Friday, May 26, 2006

Is God outside of Time?

This is a link to the famous Time chapter of Mere Christianity, in which Lewis argues that God is outside of time. I was surprised to discover, when I reread it, that Lewis is using the Boethian outside-of-time theory of God to explain how God can listen to all our prayers at once. This seems patently unnecesary: a simple explanation of the term omnipotent would do that trick. He does offer it as a solution to the problem of foreknowledge and free will. It sounded good when I read it, but those philosophically inclined should read the two chapters on divine timelessness in William Hasker's God, Time and Knowledge. Also for a statement of the opposing view, that God is in time, see Nicholas Wolterstorff 'God Everlasting' in God and the Good eds. Orlebeke & Smedes, Grand Rapids, 1975.

9 comments:

Alethes Ginosko said...

There are also some hints and allusions to this argument in Lewis' "The Great Divorce," which is probably my favorite book of his.

Jason said...

It explicitly factors as a key part to Appendix B (on "Special Providence") of MaPS as well. (2nd edition at least.) Much better put than in MC.

It's also put explicitly, though more shortly than in MaPS, in _The Screwtape Letters_. (Screwtape calls Boethius "that pestilent fellow"... {g})

Haven't read William Hasker's chapters, so can't comment on those. But polishings aside, I think Lewis is exactly right. And it makes a huge difference in one's theology. The open-theism vs. traditionalist debate, for instance, are both revealed to be faulty. Arminian vs. (hardline) Calvinist, too--though Arminians can import the Boethian notion pretty easily I think.

Jason

Edward T. Babinski said...

"Outside of time?" Exactly how can a person understand what "outside of time" means without raising just as many new questions as answers?

Jason said...

There's a very significant difference between an answer opening up more questions, and any of those questions counting as a good reason to doubt the truth of the answer.

I'm certainly familiar enough with that distinction in my various vocations. For every answer arrived at in a design (whether of a story or of a building or of an accounting tally or of the visual composition of a camera shot, as much as for a metaphysical or historical argument), plenty more questions _could_ be asked. But if we simply threw up our hands at the mere fact that any answer opens up new questions, and tried to avoid accepting the answer (or any answer) on that ground, then no practical work would ever be done.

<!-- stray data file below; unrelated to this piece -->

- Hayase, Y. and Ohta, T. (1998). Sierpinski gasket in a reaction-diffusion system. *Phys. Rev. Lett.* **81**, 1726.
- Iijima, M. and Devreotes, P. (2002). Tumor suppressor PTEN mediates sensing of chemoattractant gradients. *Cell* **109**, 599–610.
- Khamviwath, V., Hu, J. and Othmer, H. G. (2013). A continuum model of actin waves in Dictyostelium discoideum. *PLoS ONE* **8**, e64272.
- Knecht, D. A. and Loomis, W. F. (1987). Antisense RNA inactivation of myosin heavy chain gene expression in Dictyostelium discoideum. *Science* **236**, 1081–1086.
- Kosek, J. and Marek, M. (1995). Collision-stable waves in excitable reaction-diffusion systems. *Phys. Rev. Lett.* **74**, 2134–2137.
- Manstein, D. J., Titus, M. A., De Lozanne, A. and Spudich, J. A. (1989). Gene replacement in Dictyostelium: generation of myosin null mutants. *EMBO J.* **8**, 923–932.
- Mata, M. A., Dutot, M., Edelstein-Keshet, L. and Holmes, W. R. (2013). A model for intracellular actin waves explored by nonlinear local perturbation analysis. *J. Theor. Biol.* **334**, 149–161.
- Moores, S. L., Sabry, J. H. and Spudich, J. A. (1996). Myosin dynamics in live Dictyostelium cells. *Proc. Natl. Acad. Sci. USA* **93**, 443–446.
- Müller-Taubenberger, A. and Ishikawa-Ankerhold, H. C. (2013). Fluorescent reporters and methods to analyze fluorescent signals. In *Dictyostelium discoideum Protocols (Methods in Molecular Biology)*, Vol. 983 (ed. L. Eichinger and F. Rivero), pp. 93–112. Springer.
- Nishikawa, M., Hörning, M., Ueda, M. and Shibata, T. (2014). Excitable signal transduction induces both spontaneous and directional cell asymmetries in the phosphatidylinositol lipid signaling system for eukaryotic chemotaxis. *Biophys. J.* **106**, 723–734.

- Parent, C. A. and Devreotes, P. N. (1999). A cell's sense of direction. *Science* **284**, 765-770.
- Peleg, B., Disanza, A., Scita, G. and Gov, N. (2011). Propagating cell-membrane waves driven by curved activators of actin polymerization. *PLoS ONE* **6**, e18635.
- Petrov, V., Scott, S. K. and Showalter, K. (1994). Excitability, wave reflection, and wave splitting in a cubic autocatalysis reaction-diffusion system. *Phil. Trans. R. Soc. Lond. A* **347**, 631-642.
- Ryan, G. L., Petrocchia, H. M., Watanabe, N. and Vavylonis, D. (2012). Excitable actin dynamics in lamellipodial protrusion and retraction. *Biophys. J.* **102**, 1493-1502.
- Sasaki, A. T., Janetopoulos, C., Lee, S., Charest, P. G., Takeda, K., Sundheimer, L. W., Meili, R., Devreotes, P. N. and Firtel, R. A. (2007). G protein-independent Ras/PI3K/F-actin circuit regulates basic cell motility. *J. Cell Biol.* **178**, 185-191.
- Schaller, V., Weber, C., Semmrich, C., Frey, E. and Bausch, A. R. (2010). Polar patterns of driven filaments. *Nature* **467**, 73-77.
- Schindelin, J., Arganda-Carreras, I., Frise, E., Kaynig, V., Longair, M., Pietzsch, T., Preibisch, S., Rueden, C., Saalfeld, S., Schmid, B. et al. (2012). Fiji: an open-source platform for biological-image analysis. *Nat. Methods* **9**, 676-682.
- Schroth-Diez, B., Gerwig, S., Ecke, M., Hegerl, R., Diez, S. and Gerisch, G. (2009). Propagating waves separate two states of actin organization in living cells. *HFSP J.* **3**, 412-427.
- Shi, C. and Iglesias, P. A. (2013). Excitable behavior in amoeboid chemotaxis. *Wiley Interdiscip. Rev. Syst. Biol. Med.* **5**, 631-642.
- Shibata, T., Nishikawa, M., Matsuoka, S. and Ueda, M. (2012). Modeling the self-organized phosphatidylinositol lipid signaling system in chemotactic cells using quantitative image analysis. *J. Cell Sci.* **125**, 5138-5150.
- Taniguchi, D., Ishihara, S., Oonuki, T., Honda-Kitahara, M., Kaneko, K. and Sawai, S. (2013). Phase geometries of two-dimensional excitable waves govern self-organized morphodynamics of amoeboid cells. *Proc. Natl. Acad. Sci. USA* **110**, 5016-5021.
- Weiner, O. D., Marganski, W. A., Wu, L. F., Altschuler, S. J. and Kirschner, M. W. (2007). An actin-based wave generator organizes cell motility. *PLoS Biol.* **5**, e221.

To which I will add that you yourself have a long and clear history with Victor and I, of making no effort at all to hold to such a ridiculous universal-solvent dubiousness, when it comes to answers you yourself decide to accept and promote.

If the reasons for accepting something are bad, then fine. Don't accept it. If the reasons for accepting something else instead are good, then fine. Accept the something else instead. But don't give some foggy poof of fiddlefaddle about an answer leading to more questions, as if that mere fact is a ground in itself for rejecting the answer.

(I have a difficult time imagining any of the sceptics here, including yourself, accepting that tactic for a single second, if it was given by, say, a young-earth creationist against some answer from a proponent of gradualistic biological evolution. Such a reply by the y-e-c would be laughable at best, if not risible.)

Jason

TrueImage said...

Hi Victor, since God is outside of time. The Bible talks about predestination or foreknowledge.
Meaning God predestined some for something.
How would you explain this? Since for God time is always present.

Thank you. Would really like to know your thought.

Benjamin Stenson said...

Interesting subject huh?

If God is outside of time then time has to exist in the first place right?

Does the fact that events occur necessitate an existence of "time"?
Someone might say "Well you need 'time' for the events to occur IN" but isn't that begging the question?

Personally I think the idea of God experiencing events chronologically suggests and requires a much more powerful God than one who derives omnipotence through some vague dimensional transcendence.

mrs.huffman said...

I don't believe that God could be bound by something (time) that He created. I "concur" with Lewis' explanation.

Simon said...

Surely the answer is "both"?
God created time, sure. But some observations:
- In Christ he entered time.
- Time existed before the Fall, so it was part of the plan.
- We will be with God in eternity, in a restored Creation that has the attributes of the original Creation (i.e. it contains sequential time)
- So in that sense God will be inside time.
- But that doesn't exclude God also being outside time and able to observe all of it at once (from the sidelines so to speak). Maybe he can step in and out, or maybe he simultaneously holds both perspectives. (Photons seem to exhibit an echo of this ability)
- To claim that he is either one or the other (inside or outside time) is to limit him unreasonably.
- Revelation includes a reference to there being silence IN HEAVEN "for about half an hour" ! So heaven (or some aspect of it) includes sequential time?

Howie Simon said...

2 Peter 3:8
New International Version
"But do not forget this one thing, dear friends: With the Lord a day is like a thousand years, and a thousand years are like a day."